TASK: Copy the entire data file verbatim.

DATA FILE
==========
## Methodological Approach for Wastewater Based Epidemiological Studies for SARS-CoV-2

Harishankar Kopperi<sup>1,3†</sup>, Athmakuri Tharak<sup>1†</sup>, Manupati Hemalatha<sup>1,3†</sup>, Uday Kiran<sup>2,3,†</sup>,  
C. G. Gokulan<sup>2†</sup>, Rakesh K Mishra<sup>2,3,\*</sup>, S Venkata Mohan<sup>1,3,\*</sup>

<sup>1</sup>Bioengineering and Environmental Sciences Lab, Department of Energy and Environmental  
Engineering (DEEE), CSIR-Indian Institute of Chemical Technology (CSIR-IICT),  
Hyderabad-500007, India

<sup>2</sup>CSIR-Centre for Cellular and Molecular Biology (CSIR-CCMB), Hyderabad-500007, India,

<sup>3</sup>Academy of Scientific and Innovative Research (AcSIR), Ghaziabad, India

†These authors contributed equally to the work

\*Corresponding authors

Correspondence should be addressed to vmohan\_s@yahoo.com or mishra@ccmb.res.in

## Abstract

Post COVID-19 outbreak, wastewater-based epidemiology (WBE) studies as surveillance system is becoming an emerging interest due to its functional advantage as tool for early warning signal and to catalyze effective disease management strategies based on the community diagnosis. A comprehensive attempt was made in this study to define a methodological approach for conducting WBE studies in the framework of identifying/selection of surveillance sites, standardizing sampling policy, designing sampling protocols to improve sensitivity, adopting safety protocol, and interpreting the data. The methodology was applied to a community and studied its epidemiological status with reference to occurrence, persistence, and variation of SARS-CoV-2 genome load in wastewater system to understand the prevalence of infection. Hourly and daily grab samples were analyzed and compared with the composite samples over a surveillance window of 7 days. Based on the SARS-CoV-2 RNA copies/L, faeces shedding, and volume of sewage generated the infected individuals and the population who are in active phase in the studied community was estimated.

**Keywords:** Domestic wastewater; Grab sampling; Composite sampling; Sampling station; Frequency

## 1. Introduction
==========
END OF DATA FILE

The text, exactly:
## Methodological Approach for Wastewater Based Epidemiological Studies for SARS-CoV-2

Harishankar Kopperi<sup>1,3†</sup>, Athmakuri Tharak<sup>1†</sup>, Manupati Hemalatha<sup>1,3†</sup>, Uday Kiran<sup>2,3,†</sup>,  
C. G. Gokulan<sup>2†</sup>, Rakesh K Mishra<sup>2,3,\*</sup>, S Venkata Mohan<sup>1,3,\*</sup>

<sup>1</sup>Bioengineering and Environmental Sciences Lab, Department of Energy and Environmental  
Engineering (DEEE), CSIR-Indian Institute of Chemical Technology (CSIR-IICT),  
Hyderabad-500007, India

<sup>2</sup>CSIR-Centre for Cellular and Molecular Biology (CSIR-CCMB), Hyderabad-500007, India,

<sup>3</sup>Academy of Scientific and Innovative Research (AcSIR), Ghaziabad, India

†These authors contributed equally to the work

\*Corresponding authors

Correspondence should be addressed to vmohan\_s@yahoo.com or mishra@ccmb.res.in

## Abstract

Post COVID-19 outbreak, wastewater-based epidemiology (WBE) studies as surveillance system is becoming an emerging interest due to its functional advantage as tool for early warning signal and to catalyze effective disease management strategies based on the community diagnosis. A comprehensive attempt was made in this study to define a methodological approach for conducting WBE studies in the framework of identifying/selection of surveillance sites, standardizing sampling policy, designing sampling protocols to improve sensitivity, adopting safety protocol, and interpreting the data. The methodology was applied to a community and studied its epidemiological status with reference to occurrence, persistence, and variation of SARS-CoV-2 genome load in wastewater system to understand the prevalence of infection. Hourly and daily grab samples were analyzed and compared with the composite samples over a surveillance window of 7 days. Based on the SARS-CoV-2 RNA copies/L, faeces shedding, and volume of sewage generated the infected individuals and the population who are in active phase in the studied community was estimated.

**Keywords:** Domestic wastewater; Grab sampling; Composite sampling; Sampling station; Frequency

## 1. Introduction